But then there is a second layer, a second test that was done on Colvert’s sample (called the IEF) which should at the very least support the first. It didn’t. That alone should be grounds to go back, and start again. But they pushed through a guilty verdict in the absence of scientific agreements between their own tests on the same sample.
So whatever “failsafe” existed in round one was ignored or not activated. The subjectivity of the initial decision is less concerning to me than the fact that they brushed aside the inherent contradiction between the two. I think what it shows is that they made the initial call – EPO positive – and then sought only to confirm it.
Now we move on to the B Sample. The same subjective process seems to have been applied to Test 1 of the B sample, but they did not run Test 2 on the B-sample, so we have no way of knowing whether it would have repeated the strange paradox of the A sample. That too is a failure – you can accept a chance of false positives due to subjectivity, even lab error, as long as you have the ability to rerun the tests in their entirety.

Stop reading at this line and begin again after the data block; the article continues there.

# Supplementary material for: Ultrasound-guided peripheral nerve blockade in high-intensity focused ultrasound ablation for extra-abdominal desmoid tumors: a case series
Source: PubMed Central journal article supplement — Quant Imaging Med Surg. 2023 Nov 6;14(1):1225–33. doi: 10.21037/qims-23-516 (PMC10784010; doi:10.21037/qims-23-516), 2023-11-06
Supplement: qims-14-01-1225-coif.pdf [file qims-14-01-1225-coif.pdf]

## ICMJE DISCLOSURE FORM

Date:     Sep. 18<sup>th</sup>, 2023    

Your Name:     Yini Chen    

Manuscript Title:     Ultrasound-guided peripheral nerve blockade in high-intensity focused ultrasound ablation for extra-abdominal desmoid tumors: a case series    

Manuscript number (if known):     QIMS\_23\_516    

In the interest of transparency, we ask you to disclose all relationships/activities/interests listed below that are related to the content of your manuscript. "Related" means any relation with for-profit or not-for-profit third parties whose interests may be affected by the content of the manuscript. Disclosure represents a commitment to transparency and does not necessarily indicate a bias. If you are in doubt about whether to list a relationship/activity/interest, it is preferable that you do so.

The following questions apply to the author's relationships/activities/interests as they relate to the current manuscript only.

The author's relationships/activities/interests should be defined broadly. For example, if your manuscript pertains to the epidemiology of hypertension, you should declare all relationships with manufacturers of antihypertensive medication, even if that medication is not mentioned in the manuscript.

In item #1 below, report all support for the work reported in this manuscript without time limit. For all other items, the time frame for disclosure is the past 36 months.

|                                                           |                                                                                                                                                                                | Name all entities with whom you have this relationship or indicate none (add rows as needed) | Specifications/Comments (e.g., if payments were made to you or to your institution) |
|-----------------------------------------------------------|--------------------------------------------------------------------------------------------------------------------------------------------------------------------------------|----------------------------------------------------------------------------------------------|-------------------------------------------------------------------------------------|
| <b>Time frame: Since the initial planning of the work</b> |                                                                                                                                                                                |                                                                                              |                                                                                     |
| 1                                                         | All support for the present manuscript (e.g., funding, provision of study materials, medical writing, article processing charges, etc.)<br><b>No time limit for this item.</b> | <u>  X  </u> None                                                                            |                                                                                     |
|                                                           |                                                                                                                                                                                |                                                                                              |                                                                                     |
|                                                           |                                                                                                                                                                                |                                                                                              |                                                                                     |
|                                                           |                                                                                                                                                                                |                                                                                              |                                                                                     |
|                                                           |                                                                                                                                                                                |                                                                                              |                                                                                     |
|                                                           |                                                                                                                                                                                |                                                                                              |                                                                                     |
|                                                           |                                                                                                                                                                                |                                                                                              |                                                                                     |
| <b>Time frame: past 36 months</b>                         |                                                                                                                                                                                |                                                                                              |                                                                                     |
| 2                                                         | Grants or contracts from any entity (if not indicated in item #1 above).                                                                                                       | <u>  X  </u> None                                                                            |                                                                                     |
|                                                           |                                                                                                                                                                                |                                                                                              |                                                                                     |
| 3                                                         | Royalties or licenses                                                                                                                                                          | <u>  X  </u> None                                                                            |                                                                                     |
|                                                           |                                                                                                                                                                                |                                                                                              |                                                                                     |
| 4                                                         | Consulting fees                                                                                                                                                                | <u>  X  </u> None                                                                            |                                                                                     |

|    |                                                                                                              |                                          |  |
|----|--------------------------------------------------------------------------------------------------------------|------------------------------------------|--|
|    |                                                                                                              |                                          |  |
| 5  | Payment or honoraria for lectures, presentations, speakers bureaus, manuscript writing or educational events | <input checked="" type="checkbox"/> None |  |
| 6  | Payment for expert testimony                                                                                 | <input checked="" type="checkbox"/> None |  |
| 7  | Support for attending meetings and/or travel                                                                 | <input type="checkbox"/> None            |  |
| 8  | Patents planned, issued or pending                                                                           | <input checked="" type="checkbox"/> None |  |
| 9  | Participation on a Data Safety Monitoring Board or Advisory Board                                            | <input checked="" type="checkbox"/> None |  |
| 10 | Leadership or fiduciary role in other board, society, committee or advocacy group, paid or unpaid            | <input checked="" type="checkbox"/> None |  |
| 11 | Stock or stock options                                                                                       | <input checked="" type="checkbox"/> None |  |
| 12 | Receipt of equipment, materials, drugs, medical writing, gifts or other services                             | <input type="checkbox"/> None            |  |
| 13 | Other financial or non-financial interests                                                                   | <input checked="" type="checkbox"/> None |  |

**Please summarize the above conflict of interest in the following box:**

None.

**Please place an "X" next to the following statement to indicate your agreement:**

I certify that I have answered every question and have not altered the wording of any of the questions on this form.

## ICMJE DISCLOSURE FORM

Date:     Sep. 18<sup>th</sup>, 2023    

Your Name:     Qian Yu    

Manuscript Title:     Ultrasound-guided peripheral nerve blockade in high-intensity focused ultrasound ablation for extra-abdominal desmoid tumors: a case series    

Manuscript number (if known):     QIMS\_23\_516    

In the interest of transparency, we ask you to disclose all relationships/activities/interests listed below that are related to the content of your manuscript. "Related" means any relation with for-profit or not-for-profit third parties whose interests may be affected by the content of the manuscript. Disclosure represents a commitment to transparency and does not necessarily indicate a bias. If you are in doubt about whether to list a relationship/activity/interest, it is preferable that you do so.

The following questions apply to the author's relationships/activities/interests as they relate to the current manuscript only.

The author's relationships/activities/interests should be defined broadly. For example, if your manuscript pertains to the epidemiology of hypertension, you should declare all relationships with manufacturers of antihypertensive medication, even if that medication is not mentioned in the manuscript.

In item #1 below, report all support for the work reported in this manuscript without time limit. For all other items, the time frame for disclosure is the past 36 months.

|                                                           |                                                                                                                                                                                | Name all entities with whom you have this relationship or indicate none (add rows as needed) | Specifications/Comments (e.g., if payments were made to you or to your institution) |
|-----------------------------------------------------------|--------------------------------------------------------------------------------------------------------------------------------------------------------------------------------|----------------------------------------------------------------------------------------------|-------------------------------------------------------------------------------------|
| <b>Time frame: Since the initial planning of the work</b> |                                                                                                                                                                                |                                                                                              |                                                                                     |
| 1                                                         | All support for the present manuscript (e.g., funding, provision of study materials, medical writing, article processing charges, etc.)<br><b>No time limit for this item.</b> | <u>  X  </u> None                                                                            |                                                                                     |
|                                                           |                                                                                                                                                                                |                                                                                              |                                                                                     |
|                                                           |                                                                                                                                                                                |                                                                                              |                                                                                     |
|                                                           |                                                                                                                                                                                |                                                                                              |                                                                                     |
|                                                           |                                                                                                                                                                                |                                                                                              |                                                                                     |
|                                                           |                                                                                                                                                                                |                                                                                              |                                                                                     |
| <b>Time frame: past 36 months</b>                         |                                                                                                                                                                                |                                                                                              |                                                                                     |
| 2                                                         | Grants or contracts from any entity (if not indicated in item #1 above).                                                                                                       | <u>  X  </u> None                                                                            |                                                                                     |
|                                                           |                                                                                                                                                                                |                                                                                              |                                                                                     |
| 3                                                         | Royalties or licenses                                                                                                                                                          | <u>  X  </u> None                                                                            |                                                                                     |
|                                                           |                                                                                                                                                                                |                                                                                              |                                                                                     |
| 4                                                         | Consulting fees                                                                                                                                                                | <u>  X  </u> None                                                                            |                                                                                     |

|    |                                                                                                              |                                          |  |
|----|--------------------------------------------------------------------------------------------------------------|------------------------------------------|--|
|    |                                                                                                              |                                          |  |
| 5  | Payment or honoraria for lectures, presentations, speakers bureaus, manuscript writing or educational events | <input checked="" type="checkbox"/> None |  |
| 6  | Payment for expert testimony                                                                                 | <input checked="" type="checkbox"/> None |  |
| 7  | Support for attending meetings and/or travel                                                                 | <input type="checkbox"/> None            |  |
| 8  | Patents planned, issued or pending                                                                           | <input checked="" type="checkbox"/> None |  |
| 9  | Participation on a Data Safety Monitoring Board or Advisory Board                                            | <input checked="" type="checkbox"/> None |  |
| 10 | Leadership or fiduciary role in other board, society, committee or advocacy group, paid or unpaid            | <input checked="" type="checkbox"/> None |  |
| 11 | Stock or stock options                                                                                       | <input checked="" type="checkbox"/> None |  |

So there were multiple procedural failures, starting with the subjectivity of the science (which can be acceptable as a first step, provided it is repeatable and supported by Test 2, which it wasn’t). Then come the procedural issues that appear to have been denied to the athlete, for reasons unknown.
Science and falsifiability
It looks, from my perspective, that the WADA lab have defended their initial position strongly, which is actually “anti-science”. And I think this is a key point – a fundamental requirement of good anti-doping science must be repeatability. Or, from the other direction, it must be open to falsifiability. So, having discovered the initial discrepancy between T1 and T2 on the A sample, good science would invite a re-examination of the sample, looking to disprove what it found the first time around!
If WADA trusted their science, then they would welcome this, because good science is repeatable, and so it would confirm their initial finding and their case against Colvert would be twice as strong. On the other hand, if they don’t trust their science enough to welcome a challenge, a retest and a repeat of procedures, I would ask how we can be confident enough to issue a two-year ban and tarnish an athlete’s reputation based on that science?
As for next steps – if the B sample was not tested fully, and the DNA test could not be performed as requested, then simply procedurally, I’d argue that the case should be dropped (OK, it’s late for that, his ban is completed already). But he should at least be cleared. Does it mean they’d say he didn’t dope? No, because there’s no basis on which to say he didn’t.
But there’s no legal, or scientific basis, to say that he did, either.